Yes, Teens’ Schools Should Start Later—But Also…
In their first policy statement on this increasingly debated issue, the American Academy of Pediatrics said this week that middle schools and high schools need to start later. Numerous studies unequivocally demonstrate improvements in teens’ physical and mental health, decreases in their incidence of car accidents, and sometimes better school performance.
Biologically, this makes sense. Around puberty, kids’ circadian rhythms change. Unlike their parents and younger siblings, they’re no longer tired at 11 PM. Many students stay up to finish homework, study for tests, and use electronics, all of which further delay sleep. Concentrating on schoolwork and worrying about exams makes it harder for teens to turn off their minds, and computers’ blue-light exposure keeps their brains awake. The problem is, many high school students have to catch buses before 7 AM, preventing them from getting anywhere close to the 8 to 10 hours of sleep recommended for them.
It seems sensible for schools to schedule start-times most appropriate for students’ different biorhythms. Younger children, who typically rise earlier, should begin school earlier, just as later start times are better suited to adolescents.
But unless parents intervene with their teens, this policy change could backfire.
If schools delay start times, many teens will take this as license to stay up even later. The majority of high school students I see in my practice describe working until all hours simply because they can’t accomplish everything they have to do. By the time they get home from athletic practices, dance classes, tutoring sessions, and so forth, it’s all they can to have a quick dinner and maybe a shower before settling down to hours and hours of homework. When they have tests the next day, sometimes in several classes, teens often fight fatigue into the wee hours. Knowing they can sleep in for an extra 3o minutes or hour may alleviate their fears of not being able to awaken in time for school in the morning. (Many teens have described buying multiple clocks, all with extra loud alarms, and placing them strategically around their rooms so as not to sleep through them.)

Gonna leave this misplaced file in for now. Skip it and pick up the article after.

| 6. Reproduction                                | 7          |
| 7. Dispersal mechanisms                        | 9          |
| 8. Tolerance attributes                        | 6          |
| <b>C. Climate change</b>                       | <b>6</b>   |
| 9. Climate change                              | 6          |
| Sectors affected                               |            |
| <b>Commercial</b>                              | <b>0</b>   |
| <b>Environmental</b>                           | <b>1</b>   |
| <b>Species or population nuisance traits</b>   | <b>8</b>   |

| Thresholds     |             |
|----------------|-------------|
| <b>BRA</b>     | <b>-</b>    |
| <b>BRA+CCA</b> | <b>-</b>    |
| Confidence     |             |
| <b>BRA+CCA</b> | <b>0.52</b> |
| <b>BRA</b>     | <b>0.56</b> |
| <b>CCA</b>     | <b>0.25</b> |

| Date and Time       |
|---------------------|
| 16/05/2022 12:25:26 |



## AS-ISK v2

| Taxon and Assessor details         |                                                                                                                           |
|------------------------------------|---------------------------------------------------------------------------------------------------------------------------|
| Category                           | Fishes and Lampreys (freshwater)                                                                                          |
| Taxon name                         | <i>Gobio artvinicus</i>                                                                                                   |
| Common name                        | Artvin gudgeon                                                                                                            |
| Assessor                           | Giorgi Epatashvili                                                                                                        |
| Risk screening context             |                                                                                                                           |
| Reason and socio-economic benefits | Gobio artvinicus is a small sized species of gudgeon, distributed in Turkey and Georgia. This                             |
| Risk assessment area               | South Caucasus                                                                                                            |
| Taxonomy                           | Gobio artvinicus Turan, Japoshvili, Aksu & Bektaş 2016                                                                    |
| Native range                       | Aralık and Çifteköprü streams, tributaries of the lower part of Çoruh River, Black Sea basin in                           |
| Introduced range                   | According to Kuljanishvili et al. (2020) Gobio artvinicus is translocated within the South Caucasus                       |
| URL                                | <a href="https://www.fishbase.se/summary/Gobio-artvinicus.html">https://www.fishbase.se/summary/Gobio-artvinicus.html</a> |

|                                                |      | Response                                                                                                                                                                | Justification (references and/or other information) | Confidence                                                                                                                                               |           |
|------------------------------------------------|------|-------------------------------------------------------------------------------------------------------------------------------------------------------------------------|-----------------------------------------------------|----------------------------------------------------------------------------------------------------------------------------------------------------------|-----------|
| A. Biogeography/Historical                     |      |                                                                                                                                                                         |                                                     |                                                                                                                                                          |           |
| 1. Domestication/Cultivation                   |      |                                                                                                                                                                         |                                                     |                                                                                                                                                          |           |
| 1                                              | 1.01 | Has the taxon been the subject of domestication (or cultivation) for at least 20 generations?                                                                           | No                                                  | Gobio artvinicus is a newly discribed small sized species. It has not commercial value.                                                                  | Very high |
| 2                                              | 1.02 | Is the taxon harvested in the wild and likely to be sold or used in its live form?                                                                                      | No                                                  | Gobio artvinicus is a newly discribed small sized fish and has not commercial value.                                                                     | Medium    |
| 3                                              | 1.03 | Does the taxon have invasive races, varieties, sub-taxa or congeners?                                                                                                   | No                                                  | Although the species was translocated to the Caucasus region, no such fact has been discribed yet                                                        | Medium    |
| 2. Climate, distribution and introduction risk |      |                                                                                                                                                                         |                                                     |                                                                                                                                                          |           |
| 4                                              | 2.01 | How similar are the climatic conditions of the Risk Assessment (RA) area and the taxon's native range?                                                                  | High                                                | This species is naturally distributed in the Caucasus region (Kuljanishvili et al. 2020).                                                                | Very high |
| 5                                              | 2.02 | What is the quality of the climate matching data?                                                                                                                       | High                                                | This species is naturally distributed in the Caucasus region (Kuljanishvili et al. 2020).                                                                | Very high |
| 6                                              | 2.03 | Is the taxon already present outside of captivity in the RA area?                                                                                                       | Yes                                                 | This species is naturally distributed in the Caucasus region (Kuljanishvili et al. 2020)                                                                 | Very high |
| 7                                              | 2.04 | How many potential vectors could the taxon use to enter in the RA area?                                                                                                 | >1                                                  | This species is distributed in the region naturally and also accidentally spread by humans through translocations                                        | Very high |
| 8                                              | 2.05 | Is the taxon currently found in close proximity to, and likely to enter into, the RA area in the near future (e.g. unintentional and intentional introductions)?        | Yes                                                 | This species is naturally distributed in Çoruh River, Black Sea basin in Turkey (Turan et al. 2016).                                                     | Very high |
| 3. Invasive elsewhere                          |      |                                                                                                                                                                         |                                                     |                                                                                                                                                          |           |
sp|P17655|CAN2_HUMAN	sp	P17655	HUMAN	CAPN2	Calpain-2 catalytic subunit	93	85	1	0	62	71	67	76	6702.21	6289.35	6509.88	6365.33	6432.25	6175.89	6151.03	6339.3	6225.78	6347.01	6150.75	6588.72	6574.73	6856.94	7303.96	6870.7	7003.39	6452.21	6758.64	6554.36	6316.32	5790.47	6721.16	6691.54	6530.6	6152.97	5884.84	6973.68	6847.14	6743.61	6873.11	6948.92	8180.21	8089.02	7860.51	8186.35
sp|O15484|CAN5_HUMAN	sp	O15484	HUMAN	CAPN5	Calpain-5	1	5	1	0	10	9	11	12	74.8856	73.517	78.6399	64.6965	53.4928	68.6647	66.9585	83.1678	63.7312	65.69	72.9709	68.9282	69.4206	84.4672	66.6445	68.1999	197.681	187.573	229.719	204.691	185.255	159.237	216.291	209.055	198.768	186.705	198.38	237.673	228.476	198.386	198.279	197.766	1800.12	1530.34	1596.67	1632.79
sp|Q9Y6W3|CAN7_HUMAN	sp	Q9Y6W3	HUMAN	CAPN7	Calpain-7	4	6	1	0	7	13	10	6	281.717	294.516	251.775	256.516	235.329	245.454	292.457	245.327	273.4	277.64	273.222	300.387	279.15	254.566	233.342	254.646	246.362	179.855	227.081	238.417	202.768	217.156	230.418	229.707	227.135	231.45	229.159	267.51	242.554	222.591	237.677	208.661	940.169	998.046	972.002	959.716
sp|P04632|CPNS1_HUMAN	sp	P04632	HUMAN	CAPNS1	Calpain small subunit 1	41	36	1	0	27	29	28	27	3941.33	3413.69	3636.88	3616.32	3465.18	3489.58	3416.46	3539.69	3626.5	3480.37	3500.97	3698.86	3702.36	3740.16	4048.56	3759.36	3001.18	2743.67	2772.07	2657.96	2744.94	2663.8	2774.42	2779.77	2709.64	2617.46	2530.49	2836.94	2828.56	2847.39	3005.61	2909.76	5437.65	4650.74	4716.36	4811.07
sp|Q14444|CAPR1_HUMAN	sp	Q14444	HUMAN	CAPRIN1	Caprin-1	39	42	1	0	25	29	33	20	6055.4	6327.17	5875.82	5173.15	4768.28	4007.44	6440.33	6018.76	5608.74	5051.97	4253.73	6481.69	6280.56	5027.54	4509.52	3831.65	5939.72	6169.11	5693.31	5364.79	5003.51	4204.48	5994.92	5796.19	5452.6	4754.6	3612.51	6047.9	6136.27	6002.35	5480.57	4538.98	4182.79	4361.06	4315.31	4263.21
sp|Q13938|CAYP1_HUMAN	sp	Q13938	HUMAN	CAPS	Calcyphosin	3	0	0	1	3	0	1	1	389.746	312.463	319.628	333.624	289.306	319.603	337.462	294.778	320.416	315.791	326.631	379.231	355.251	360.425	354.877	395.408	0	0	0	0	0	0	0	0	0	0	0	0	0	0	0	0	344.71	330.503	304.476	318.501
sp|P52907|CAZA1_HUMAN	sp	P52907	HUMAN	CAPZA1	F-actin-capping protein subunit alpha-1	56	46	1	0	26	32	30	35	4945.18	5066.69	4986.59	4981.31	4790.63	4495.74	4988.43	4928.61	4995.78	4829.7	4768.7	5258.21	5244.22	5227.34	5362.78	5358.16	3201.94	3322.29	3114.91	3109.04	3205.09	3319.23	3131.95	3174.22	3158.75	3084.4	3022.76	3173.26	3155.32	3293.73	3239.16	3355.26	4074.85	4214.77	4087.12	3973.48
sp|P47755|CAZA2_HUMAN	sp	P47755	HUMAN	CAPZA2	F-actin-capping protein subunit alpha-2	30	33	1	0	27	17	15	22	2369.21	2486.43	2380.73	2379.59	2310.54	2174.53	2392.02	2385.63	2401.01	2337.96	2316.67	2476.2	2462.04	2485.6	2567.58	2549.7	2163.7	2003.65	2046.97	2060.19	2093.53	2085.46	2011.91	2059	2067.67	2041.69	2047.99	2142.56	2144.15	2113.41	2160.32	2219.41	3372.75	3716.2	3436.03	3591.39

Even if schools make this change in start time, then, parents have to do their part. One important role is to help teens to plan and organize their time. Now is the time when students decide what teams to try out for and what extra curricular activities to pursue. With all the opportunities available to them—as well as the looming anxiety of impressing college admissions committees—it is often hard for them to set priorities, realize their limits, and say “no” to perfectly wonderful sports or hobbies. Parents can help them think through these choices. Similarly, after the first week or two of classes, they should be encouraged to assess whether their course load is right for them or if the classes they’ve taken are too challenging or stressful. That’s when parents can be the voice of reason, making sure teens aren’t over scheduling themselves, making too many commitments, and leaving themselves too little time for their responsibilities, let alone down time.
Delaying school start times even an hour or so can only do so much—especially if kids use that extra hour to catch up on their work rather than their sleep.